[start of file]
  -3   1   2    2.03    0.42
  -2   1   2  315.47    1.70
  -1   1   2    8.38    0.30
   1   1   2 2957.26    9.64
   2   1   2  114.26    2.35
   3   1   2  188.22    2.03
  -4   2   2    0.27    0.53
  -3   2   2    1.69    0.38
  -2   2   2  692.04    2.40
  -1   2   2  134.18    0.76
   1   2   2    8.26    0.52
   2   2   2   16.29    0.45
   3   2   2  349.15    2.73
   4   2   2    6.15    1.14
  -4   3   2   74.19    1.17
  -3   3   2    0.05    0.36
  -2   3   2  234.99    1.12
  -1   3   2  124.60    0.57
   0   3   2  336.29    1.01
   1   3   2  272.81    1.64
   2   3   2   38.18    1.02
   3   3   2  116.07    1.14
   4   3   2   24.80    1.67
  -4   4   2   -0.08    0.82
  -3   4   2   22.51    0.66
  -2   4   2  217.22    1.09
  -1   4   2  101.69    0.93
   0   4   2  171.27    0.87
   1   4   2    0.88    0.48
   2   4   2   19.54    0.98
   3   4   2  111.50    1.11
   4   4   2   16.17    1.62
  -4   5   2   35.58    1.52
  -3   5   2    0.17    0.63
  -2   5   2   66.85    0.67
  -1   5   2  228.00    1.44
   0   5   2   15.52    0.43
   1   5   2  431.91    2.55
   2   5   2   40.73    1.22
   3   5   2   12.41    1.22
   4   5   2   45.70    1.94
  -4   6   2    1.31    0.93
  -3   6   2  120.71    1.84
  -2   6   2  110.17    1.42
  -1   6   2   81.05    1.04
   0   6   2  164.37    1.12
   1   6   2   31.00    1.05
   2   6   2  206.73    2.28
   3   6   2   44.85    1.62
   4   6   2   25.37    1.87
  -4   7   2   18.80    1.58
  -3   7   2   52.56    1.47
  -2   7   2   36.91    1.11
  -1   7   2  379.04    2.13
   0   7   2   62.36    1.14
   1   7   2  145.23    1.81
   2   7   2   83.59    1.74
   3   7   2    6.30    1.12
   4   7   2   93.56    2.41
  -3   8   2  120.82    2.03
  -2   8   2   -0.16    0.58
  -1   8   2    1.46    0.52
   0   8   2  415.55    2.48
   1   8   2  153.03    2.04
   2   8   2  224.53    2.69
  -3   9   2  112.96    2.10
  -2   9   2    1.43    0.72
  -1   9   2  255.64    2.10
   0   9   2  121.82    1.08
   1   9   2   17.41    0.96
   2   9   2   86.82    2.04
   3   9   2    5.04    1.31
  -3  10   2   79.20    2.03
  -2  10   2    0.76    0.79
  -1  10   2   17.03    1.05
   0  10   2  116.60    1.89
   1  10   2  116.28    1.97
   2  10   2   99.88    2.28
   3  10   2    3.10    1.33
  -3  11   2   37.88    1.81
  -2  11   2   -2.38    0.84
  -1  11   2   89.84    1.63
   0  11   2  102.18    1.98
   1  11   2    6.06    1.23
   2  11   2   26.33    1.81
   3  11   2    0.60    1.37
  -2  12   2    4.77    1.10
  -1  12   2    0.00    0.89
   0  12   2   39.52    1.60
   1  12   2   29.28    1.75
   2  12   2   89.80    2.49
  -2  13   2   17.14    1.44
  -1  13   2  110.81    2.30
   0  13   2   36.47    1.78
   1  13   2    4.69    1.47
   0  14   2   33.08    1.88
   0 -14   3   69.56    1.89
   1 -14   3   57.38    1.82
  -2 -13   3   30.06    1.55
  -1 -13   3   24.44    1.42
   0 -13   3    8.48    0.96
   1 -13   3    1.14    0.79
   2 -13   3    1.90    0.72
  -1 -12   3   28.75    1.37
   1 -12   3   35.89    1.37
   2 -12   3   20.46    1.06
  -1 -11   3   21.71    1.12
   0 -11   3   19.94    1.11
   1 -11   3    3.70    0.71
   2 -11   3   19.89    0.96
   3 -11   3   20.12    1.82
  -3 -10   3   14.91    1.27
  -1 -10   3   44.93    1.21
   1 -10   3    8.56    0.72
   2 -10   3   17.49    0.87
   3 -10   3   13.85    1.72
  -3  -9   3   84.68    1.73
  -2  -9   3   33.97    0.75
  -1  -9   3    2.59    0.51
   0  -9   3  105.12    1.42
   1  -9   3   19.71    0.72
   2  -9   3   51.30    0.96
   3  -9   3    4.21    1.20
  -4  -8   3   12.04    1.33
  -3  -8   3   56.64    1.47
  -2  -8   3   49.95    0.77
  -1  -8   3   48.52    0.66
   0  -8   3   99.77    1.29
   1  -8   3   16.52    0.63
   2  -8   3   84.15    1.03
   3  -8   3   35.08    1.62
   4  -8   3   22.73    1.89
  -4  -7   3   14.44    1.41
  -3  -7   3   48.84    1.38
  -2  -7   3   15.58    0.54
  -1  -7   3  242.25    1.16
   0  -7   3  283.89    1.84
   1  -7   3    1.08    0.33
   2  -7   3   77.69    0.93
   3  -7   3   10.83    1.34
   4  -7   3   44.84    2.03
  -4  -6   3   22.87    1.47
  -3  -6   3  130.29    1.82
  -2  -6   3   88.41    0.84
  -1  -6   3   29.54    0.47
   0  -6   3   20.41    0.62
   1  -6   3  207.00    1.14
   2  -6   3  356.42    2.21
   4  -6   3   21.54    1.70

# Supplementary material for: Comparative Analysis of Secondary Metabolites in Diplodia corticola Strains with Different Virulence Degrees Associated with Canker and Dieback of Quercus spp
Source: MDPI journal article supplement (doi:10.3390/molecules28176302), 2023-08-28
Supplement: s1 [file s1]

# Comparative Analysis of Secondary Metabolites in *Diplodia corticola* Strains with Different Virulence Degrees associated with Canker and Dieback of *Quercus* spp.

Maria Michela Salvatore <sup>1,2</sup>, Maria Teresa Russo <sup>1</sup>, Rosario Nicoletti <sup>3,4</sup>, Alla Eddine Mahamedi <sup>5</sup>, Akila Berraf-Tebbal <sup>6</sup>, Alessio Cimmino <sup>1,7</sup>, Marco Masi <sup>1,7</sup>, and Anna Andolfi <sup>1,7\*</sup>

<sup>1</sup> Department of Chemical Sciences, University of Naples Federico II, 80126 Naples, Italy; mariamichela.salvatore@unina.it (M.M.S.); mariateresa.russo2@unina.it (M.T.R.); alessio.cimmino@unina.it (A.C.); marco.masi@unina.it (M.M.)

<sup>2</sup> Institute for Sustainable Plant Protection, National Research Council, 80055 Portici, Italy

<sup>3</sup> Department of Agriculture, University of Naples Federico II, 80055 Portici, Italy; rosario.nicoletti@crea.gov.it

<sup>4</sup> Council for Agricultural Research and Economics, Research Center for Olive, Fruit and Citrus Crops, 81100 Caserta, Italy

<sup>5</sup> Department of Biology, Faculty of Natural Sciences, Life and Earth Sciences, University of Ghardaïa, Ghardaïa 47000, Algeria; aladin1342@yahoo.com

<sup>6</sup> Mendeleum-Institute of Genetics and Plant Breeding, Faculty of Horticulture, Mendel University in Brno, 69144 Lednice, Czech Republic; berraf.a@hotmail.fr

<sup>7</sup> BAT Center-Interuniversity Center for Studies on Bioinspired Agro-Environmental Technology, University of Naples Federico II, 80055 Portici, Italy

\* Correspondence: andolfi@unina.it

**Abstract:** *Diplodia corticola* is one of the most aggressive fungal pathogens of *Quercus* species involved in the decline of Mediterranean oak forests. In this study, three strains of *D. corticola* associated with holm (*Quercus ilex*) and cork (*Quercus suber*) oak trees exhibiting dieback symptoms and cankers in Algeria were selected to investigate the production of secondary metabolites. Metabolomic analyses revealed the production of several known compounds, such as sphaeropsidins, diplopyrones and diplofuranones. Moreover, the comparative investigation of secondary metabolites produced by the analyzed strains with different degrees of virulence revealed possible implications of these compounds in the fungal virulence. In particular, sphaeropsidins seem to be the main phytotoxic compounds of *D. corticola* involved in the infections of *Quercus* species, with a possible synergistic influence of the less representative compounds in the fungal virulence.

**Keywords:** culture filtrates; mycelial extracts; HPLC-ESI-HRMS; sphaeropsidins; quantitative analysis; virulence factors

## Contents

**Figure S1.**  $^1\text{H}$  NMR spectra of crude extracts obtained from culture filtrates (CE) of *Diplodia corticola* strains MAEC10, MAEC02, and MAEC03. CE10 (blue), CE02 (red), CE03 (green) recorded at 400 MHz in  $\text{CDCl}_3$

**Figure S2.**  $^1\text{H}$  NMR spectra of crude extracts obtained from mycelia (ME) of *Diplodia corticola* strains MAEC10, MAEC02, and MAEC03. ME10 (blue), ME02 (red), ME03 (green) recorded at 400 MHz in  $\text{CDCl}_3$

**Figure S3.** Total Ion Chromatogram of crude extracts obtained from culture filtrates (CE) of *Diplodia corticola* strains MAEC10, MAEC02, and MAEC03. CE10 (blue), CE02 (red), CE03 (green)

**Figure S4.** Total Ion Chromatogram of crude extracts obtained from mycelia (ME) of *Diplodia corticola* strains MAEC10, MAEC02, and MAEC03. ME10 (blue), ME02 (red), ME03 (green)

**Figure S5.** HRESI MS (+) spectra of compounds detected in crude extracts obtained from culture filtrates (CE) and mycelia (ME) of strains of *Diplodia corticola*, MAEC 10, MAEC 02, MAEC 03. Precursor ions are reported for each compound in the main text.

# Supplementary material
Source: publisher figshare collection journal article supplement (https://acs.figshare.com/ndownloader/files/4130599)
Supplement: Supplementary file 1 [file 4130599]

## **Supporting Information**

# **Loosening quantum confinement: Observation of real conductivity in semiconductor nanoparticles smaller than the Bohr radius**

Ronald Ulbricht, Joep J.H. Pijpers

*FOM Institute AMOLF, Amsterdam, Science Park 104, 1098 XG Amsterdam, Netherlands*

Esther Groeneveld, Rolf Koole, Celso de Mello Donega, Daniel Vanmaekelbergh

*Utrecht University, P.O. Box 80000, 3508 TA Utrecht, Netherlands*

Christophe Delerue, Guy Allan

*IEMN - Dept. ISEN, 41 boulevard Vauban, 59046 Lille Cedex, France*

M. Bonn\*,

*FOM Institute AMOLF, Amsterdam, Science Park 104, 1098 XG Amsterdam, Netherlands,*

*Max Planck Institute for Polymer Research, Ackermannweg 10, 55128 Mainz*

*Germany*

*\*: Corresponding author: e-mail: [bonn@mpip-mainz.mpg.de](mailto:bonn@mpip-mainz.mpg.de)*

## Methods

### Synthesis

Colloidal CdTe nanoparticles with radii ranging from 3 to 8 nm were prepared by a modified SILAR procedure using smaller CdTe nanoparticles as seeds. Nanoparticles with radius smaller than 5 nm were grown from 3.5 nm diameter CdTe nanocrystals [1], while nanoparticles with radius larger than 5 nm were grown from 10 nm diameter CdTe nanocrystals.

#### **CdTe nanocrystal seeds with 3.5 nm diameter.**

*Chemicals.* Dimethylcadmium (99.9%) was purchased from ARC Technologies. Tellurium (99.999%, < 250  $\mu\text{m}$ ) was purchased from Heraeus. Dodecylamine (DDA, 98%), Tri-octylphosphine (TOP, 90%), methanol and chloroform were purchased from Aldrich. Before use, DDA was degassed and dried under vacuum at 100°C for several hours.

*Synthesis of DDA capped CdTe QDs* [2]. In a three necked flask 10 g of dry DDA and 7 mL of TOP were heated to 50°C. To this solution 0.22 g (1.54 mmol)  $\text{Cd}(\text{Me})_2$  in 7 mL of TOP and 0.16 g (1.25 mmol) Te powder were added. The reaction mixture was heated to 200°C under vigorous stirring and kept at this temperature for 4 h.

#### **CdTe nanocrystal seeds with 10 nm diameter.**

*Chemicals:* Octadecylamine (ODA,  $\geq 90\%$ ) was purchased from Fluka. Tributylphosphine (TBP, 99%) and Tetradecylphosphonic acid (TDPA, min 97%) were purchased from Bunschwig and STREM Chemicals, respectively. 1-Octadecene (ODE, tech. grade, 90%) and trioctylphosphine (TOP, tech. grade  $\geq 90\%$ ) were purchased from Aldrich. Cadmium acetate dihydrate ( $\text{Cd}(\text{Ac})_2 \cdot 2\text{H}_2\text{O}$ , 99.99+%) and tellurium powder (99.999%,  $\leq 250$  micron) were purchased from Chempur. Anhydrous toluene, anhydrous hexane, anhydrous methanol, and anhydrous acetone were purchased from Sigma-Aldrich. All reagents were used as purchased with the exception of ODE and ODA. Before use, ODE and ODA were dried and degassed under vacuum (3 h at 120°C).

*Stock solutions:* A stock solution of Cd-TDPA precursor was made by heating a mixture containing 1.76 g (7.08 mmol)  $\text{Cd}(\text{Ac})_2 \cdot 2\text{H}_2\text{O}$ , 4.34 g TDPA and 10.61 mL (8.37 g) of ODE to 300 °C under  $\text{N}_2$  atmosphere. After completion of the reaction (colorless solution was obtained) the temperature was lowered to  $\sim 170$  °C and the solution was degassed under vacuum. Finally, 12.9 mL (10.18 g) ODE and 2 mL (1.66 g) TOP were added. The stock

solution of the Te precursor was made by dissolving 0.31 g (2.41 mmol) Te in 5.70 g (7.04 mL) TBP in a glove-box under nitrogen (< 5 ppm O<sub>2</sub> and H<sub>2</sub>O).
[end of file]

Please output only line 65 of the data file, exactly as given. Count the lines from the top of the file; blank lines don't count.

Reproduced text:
   2   8   2  224.53    2.69